A well-known Washington D.C. lobbying firm with close ties to the financial industry recently pitched a $850,000 plan to launch a smear campaign against Occupy Wall Street and the politicians who might support it, a memo obtained by MSNBC program Up with Chris Hayes has revealed.

In the proposal from lobbying firm Clark Lytle Geduldig & Cranford and addressed the American Bankers Association, CLGC suggests the ABA pay the lobbyists $850,000 to conduct opposition research. Such research, the memo says, could then be used to construct negative narratives about the protests.

In the memo, CLGC expressed great worry about the influence of Occupy protests, and especially the danger of having the Democratic Party embrace the OWS movement.

This would mean more than just shot-term political discomfort for Wall Street... the memo read. It has the potential to have very long-lasting political, policy and financial implications on the companies in the center of the bulls-eye.

The Proposal

The CLGC memo outlines a 60-day plan to conduct surveys and research on OWS and its supporters, so that Wall Street companies could then conduct a smear campaign against the Occupy movement in the media.

Wall Street companies likely will not be the best spokespeople for their own cause, according to the memo. In order to get around this difficulty, outside parties must be convinced to stand up for them, to the detriment of Occupy Wall Street demonstrators.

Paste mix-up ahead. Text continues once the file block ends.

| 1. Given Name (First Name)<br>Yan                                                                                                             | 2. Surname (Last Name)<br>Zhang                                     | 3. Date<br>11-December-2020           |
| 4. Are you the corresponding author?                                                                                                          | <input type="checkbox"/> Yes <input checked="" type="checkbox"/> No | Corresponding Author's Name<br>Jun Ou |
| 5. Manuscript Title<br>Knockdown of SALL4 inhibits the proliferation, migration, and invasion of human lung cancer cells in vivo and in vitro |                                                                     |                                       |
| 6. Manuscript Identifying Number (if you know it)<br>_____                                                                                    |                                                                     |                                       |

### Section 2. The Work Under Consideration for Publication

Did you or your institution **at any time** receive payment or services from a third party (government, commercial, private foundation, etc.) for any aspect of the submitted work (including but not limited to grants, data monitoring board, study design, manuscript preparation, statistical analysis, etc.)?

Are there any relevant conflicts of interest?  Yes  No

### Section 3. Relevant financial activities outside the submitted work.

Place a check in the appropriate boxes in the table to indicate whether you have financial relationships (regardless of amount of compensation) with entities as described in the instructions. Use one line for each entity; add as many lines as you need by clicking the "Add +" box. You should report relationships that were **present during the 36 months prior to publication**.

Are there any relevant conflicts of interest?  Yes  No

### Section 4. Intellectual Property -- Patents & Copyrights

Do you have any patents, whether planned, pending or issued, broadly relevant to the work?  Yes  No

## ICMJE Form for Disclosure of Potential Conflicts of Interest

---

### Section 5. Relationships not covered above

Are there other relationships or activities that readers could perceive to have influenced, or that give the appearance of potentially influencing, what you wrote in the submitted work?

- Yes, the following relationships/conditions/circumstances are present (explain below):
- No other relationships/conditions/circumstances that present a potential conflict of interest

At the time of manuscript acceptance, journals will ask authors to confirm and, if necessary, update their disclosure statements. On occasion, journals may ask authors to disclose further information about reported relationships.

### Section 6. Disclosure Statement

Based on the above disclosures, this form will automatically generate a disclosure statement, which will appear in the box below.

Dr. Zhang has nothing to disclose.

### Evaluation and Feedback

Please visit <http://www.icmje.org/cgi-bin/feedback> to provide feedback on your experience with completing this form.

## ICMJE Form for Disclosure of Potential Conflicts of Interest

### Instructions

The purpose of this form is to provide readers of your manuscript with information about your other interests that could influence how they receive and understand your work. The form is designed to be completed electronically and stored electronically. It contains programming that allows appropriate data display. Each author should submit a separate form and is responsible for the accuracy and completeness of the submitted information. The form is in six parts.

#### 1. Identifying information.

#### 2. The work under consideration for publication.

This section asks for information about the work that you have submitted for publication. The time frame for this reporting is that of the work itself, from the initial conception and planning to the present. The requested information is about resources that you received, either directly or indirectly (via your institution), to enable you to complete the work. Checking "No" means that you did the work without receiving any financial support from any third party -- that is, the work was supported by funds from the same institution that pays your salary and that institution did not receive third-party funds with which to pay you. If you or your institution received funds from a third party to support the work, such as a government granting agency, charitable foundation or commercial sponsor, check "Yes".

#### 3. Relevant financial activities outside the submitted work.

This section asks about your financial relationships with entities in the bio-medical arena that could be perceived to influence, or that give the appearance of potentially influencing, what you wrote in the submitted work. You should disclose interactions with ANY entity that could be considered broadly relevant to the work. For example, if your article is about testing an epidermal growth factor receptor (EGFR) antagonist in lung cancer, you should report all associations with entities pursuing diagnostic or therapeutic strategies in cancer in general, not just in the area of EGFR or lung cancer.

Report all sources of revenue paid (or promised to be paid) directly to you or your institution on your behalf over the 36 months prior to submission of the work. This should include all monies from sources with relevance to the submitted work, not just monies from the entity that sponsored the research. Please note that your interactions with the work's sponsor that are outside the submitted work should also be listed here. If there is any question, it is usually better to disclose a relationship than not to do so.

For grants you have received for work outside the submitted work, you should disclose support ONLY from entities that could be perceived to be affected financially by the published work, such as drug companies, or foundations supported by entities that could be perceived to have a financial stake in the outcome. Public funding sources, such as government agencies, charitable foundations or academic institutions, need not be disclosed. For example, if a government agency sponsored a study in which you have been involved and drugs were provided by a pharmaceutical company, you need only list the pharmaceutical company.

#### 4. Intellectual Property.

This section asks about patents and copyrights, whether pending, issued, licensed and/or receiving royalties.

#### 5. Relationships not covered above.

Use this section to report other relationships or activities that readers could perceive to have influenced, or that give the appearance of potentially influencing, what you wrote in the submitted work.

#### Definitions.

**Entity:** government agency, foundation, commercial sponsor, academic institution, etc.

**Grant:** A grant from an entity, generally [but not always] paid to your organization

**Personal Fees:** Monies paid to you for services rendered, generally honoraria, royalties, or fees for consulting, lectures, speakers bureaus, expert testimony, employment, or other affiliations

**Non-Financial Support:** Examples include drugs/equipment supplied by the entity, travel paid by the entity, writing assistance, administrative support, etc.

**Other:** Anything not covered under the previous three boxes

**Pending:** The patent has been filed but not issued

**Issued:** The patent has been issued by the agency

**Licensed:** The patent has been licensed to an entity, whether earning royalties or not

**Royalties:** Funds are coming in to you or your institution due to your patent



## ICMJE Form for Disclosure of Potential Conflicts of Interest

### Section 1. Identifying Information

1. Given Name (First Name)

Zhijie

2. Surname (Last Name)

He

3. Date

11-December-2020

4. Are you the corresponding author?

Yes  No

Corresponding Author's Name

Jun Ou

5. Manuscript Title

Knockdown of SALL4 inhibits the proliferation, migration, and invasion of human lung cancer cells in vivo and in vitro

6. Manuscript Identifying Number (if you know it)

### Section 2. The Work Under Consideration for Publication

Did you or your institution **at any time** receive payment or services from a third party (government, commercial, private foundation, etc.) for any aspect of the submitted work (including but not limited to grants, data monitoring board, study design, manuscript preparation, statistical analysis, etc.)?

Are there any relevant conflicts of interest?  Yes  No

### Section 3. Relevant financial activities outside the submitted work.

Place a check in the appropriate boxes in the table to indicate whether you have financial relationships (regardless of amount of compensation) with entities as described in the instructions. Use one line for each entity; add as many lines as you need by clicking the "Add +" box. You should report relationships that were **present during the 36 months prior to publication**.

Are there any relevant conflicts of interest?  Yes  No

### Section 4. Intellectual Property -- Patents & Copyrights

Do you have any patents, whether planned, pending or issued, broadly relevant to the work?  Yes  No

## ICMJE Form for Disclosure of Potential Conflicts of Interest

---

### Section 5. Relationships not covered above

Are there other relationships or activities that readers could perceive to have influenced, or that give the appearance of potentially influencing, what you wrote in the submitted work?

A big challenge is to demonstrate that these companies still have political strength, the memo read, and that making them a political target will carry a severe political cost.

A second part of the plan outlined by the Washington lobbyists however, deals with upcoming elections, and how to manipulate the Occupy protests' effect on them.

CLGC proposed statewide surveys in at least eight states, targeting Florida, Pennsylvania, Virginia, Wisconsin, Ohio, New Mexico and Nevada, as well as examining the gubernatorial race in North Carolina. These states are shaping up to be the most important of the 2012 cycle.

Using that information, the lobbyists would then look into who has contributed financially to OWS, as well as what politicians appear sympathetic to Occupy's cause.

It will be vital, the memo says, to understand who is funding it [the Occupy protests] and what their backgrounds and motives are.

If we can show that they have the same cynical motivation as a political opponent, the memo, now rather ironically, ends, it will undermine their credibility in a profound way. 

The memo also says however, that the greatest blow to the ABA and its associates would not be that Democrats score big victories in 2012, but that their doing so, and the growth of OWS, causes Republicans to stop supporting Big Business in order to win more votes.

The bigger concern for the American Bank Association, the memo read, should be that Republicans will no longer defend Wall Street companies.

CLGC and Republican Party

ABA spokesman Jeff Sigmund confirmed that the association received the memo in question, but said the group had no intention of following CLGC's suggestions. It [the memo] was unsolicited, and we chose not to act on it in any way, Sigmund said.